WWE’s Drew McIntyre On Why He Gravitated To NHL Hockey More Than Any Other American Sports League After Moving From Scotland

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It’s been 15 years since Drew McIntyre packed up and left his tiny town of Ayr, Scotland and ventured to the land of stars and stripes. Since then, he’s become a two-time WWE champion, a two-time WWE Raw tag team champion, and an Intercontinental WWE Champion. Truly the American Dream.

McIntyre’s arrival in Tampa, Florida brought with it the intense culture shock one would expect from a guy who’s native to a place where kilts never go out of style.

McIntyre, who’s new memoir A Chosen Destiny is out now, joined NHL Celebrity Wrap to reveal why hockey was the first American professional league he gravitated to.

“Hockey players, unbelievable athletes. I just find it amazing that they can skate and have the control they have with the stick, along with the endurance. The tempo of those games is just non-stop. That’s why it took me a while to get into football.

Hockey was the first sport I gravitated towards when I moved to America.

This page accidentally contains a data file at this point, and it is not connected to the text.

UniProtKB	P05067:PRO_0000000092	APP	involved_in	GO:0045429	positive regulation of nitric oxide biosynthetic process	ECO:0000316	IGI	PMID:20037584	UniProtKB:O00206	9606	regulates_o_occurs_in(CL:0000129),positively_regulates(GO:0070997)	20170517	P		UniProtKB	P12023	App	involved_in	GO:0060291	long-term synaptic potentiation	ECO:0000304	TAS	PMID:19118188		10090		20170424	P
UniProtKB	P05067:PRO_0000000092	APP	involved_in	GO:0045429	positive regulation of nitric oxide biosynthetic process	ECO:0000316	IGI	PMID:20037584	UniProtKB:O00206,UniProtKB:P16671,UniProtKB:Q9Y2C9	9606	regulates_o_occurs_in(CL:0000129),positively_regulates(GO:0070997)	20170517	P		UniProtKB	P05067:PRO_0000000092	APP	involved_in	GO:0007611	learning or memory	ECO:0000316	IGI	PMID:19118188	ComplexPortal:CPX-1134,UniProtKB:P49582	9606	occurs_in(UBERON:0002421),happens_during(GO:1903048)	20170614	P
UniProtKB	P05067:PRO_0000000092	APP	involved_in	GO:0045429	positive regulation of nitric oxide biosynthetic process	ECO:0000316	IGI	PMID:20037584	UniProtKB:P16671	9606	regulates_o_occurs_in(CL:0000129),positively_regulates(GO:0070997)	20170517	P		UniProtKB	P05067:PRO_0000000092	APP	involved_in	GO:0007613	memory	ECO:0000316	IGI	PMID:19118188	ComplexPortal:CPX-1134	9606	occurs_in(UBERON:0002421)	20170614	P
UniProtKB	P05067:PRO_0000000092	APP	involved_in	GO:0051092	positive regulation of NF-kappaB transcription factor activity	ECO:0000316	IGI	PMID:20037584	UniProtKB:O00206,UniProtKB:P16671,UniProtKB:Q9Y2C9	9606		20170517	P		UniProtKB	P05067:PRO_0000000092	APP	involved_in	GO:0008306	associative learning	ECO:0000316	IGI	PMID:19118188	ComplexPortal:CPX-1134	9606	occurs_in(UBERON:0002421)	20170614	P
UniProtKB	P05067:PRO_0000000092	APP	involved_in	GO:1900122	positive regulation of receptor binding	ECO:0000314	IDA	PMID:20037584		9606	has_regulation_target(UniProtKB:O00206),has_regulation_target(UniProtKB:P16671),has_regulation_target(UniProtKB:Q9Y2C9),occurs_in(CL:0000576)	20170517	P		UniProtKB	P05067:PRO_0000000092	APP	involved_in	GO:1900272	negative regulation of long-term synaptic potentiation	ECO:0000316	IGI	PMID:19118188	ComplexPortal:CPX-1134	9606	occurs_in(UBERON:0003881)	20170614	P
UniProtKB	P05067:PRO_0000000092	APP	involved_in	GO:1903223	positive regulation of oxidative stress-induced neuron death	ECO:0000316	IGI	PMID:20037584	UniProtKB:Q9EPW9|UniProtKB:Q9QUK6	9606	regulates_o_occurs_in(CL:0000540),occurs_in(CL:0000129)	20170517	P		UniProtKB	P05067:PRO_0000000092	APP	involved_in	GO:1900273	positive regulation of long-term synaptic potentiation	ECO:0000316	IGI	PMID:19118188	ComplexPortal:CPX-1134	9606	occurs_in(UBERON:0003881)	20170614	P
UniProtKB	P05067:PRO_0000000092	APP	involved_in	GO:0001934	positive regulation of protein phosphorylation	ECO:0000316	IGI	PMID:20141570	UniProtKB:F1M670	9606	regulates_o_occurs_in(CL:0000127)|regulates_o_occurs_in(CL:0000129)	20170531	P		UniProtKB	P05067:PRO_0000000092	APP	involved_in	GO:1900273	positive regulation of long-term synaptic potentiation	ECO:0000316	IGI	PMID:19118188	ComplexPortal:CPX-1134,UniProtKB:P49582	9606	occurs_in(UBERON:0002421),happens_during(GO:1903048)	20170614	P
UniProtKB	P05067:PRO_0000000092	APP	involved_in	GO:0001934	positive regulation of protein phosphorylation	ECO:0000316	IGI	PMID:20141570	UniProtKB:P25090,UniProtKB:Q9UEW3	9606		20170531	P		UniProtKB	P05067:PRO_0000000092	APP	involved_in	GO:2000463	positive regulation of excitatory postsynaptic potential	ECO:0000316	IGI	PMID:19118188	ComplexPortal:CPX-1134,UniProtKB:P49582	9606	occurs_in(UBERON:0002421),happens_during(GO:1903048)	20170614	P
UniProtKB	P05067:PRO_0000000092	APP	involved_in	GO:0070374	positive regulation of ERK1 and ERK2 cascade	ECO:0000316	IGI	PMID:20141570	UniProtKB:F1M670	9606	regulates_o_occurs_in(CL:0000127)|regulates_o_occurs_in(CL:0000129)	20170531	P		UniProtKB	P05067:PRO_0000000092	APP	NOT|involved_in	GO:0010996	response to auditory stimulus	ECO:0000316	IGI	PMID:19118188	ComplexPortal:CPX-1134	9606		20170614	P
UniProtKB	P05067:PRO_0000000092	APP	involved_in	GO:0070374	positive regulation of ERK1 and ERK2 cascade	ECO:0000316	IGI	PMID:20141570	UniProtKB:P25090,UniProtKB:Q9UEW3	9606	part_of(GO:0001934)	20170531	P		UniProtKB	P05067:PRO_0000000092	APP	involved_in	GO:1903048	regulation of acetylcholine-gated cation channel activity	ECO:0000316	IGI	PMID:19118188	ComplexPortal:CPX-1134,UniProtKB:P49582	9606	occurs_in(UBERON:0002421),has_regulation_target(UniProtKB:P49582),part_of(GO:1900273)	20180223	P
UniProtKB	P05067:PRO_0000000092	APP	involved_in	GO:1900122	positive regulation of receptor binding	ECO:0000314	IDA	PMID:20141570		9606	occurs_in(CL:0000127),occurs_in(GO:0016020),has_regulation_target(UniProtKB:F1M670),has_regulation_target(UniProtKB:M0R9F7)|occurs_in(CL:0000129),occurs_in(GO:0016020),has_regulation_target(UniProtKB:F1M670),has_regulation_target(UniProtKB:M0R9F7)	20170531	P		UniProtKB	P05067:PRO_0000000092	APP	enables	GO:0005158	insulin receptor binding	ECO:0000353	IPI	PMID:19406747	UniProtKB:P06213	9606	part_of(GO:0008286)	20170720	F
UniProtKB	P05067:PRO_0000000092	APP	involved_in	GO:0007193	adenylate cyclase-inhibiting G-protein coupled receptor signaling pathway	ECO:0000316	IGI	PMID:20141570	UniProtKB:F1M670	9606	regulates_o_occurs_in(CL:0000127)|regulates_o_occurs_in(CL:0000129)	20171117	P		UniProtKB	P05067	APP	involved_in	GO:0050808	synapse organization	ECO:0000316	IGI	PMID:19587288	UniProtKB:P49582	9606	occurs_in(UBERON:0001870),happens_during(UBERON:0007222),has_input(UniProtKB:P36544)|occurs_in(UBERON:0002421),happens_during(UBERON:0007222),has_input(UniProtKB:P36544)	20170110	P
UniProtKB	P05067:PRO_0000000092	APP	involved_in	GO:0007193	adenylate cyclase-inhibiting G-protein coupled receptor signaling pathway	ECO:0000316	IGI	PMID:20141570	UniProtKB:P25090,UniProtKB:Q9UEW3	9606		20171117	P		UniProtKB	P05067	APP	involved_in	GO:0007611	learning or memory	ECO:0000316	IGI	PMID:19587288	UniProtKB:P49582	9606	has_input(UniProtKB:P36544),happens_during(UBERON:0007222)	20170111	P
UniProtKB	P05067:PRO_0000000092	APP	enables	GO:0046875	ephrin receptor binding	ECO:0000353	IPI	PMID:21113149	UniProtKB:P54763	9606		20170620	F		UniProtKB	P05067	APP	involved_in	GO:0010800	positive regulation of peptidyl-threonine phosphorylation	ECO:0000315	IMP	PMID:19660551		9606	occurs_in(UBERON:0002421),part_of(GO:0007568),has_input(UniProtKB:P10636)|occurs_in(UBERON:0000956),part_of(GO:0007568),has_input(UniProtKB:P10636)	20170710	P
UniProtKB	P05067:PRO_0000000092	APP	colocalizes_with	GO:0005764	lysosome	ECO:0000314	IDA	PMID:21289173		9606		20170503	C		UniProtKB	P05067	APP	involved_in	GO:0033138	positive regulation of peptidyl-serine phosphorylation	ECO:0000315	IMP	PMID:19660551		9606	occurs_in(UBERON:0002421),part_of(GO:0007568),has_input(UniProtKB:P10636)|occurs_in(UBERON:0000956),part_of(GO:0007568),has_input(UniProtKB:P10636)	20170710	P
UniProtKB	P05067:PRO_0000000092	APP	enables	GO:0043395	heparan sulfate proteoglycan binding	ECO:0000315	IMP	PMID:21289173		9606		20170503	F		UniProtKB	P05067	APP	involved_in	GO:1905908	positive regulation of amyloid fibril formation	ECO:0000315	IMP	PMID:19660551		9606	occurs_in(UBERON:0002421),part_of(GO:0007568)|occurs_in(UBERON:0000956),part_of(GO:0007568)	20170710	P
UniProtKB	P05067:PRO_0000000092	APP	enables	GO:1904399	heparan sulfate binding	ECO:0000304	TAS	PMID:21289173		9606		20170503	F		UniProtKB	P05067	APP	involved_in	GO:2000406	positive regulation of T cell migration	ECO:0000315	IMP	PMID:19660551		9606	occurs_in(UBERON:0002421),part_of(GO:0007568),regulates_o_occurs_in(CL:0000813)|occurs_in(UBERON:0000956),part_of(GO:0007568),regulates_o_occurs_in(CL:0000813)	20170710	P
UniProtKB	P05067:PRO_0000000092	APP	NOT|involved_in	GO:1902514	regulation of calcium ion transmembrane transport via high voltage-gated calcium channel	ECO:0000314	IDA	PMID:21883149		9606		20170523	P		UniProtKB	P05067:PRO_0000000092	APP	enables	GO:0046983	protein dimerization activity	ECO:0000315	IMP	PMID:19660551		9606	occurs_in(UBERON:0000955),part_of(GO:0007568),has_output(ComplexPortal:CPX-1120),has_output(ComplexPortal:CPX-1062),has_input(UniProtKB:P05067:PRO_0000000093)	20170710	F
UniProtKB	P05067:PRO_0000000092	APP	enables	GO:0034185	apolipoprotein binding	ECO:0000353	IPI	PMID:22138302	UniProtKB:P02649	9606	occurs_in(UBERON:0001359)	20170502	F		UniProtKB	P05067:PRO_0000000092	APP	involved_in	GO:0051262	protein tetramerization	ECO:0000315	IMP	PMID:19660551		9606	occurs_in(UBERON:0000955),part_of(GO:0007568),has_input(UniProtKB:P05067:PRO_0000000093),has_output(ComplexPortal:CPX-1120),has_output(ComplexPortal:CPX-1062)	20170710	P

Basketball moves fast, I just didn’t understand the rules.

Football, I was like, ‘My goodness, it’s just stop and start every two seconds, this is so boring!’ It took me years to start appreciating the tactics and what it’s all about and how the pads probably make it worse on your joints, so gained an appreciation for football.

But hockey I was drawn to it right away. I was like, ‘Wow, these guys are unbelievable, they’re just go, go, go. They’re so hard hitting, they’re so technical. They’re trying to skate and will that stick at the same time. They’re unbelievable.'”

If you aren’t aware of McIntyre’s wild journey from stardom to rock bottom and back, make yourself aware.

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Matt’s love of writing was born during a sixth grade assembly when it was announced that his essay titled “Why Drugs Are Bad” had taken first prize in D.A.R.E.’s grade-wide contest. The anti-drug people gave him a $50 savings bond for his brave contribution to crime-fighting, and upon the bond’s maturity 10 years later, he used it to buy his very first bag of marijuana.